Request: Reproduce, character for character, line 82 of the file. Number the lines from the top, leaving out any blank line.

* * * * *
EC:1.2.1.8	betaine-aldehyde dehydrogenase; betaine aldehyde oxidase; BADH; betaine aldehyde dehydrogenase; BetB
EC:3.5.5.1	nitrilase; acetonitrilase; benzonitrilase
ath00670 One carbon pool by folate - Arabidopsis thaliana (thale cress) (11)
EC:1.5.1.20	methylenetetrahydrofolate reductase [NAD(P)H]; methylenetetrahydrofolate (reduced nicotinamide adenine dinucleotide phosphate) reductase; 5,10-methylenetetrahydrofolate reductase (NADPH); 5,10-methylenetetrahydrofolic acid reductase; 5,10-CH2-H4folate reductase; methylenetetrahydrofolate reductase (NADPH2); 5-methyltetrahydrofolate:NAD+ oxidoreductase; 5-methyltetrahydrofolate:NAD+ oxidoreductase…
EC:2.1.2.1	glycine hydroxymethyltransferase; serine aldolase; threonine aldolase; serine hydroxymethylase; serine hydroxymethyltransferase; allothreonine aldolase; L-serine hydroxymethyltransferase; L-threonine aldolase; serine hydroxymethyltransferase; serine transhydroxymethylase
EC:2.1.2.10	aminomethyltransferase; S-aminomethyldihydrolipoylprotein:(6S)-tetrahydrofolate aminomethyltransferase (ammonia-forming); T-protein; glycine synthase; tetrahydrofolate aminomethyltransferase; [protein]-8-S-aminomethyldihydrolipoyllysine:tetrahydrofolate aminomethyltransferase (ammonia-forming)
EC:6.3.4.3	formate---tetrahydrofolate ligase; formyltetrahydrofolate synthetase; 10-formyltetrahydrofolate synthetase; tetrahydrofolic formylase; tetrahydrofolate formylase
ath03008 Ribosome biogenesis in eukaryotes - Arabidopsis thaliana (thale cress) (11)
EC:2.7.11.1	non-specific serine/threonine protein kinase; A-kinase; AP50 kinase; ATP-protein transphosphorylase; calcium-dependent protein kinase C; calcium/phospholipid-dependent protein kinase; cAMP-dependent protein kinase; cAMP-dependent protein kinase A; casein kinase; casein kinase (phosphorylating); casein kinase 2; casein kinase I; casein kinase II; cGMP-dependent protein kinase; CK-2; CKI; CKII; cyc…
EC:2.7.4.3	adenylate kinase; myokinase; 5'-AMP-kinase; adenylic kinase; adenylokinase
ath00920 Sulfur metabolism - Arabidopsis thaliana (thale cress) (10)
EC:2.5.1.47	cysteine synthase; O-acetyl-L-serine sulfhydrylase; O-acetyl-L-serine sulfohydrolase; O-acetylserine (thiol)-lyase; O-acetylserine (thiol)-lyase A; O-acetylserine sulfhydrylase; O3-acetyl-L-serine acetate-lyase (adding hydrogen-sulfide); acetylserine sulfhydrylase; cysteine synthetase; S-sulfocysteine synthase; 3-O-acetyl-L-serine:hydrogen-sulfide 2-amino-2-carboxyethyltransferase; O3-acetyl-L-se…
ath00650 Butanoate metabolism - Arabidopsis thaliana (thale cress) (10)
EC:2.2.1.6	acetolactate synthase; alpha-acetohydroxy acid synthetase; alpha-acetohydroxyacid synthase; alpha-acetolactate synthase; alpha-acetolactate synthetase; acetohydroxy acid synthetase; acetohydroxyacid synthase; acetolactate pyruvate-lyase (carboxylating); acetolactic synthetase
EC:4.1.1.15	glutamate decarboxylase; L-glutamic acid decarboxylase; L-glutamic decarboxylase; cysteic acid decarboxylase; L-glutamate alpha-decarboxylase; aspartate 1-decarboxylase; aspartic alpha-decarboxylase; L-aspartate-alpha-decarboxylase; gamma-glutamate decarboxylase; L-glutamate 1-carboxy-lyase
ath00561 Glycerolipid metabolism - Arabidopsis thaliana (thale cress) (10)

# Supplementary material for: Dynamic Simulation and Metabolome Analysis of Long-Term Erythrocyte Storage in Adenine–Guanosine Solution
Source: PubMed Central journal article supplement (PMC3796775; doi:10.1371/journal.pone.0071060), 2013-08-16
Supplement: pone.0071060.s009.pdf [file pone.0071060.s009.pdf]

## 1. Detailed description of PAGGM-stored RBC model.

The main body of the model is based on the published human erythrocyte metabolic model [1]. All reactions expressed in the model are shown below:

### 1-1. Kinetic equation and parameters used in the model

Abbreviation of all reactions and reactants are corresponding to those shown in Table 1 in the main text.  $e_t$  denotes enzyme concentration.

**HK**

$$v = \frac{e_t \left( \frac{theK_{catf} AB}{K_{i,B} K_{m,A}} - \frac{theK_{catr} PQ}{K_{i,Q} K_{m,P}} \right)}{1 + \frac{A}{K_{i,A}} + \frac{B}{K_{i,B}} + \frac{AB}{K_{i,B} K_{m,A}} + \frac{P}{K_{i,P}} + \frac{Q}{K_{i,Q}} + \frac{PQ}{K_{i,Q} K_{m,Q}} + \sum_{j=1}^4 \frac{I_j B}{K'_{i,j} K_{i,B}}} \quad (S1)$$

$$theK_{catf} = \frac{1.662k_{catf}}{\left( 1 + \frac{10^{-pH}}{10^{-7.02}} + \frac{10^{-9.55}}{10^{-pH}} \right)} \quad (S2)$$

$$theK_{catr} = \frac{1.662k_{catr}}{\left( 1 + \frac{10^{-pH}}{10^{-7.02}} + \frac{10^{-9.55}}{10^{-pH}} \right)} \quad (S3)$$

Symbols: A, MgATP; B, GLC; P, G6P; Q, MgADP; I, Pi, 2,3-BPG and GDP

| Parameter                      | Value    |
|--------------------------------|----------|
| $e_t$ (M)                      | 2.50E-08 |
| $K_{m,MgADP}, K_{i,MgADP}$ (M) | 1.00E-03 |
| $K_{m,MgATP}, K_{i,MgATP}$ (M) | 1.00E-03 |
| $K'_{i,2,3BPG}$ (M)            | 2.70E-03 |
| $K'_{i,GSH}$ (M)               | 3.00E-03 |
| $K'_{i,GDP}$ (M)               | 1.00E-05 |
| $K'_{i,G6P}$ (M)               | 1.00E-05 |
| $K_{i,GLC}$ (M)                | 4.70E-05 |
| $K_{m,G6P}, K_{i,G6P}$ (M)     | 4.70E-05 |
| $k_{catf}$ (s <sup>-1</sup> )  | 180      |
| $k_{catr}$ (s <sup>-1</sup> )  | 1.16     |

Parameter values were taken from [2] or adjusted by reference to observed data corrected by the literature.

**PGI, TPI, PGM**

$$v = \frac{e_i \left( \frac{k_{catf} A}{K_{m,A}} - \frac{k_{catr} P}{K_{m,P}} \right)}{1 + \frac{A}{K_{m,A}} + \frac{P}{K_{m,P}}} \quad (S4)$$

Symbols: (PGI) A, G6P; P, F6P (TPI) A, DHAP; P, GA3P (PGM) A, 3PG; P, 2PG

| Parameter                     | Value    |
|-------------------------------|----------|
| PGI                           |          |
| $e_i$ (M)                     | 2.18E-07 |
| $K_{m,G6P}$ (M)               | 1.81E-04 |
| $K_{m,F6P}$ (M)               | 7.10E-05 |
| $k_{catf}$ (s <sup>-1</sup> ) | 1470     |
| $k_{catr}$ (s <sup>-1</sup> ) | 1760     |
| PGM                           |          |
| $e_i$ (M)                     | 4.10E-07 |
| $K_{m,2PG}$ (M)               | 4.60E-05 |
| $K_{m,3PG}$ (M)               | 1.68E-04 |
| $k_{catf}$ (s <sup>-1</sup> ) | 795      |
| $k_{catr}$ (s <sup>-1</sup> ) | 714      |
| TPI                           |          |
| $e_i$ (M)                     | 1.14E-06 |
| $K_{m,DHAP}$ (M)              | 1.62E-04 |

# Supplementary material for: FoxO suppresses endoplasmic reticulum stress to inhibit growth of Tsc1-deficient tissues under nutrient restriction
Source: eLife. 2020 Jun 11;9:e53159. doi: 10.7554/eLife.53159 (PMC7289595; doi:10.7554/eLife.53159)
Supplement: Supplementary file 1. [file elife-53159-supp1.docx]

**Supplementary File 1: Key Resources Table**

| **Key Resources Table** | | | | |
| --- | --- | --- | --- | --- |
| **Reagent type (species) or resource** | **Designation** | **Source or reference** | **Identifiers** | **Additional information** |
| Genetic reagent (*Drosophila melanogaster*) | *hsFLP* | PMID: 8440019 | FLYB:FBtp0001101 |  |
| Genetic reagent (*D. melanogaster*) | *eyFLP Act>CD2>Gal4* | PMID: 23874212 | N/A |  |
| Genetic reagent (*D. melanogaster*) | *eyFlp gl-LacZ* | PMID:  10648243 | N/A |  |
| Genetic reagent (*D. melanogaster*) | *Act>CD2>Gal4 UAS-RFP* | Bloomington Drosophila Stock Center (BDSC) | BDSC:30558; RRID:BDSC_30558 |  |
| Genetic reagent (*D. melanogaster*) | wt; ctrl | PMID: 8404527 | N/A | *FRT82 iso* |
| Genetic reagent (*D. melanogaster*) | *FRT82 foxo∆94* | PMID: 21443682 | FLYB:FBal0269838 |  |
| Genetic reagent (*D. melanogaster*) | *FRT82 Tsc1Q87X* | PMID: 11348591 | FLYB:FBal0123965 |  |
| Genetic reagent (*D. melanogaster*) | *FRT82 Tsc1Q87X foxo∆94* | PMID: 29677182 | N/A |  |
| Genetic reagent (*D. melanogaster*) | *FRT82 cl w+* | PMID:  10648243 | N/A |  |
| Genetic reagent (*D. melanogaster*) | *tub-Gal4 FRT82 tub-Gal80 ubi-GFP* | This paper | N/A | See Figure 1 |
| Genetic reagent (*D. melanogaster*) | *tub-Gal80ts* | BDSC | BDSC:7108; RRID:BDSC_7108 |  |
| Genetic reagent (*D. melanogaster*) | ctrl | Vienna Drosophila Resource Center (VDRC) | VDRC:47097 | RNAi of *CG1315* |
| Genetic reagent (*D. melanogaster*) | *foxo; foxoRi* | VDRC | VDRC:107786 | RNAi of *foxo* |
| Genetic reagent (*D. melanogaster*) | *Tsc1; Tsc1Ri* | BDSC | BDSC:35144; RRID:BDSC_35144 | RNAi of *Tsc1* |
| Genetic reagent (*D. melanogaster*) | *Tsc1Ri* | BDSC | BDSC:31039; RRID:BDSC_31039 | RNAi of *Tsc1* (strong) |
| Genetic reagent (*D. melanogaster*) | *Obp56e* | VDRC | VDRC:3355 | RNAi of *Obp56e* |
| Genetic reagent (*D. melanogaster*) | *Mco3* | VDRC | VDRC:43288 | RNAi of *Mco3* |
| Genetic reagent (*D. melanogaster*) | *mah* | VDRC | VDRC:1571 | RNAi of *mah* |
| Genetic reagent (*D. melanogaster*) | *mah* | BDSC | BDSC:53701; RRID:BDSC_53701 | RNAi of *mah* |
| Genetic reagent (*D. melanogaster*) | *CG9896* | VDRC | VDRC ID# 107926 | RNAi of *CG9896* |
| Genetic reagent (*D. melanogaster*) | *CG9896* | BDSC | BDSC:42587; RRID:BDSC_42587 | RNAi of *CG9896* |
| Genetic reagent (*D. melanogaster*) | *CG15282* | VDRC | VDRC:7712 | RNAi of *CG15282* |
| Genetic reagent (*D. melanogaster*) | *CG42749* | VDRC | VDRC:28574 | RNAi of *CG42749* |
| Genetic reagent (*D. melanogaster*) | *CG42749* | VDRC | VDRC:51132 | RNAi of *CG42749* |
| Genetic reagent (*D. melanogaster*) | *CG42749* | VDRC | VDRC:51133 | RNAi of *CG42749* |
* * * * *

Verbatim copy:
| Genetic reagent (*D. melanogaster*) | *foxo; foxoRi* | VDRC | VDRC:107786 | RNAi of *foxo* |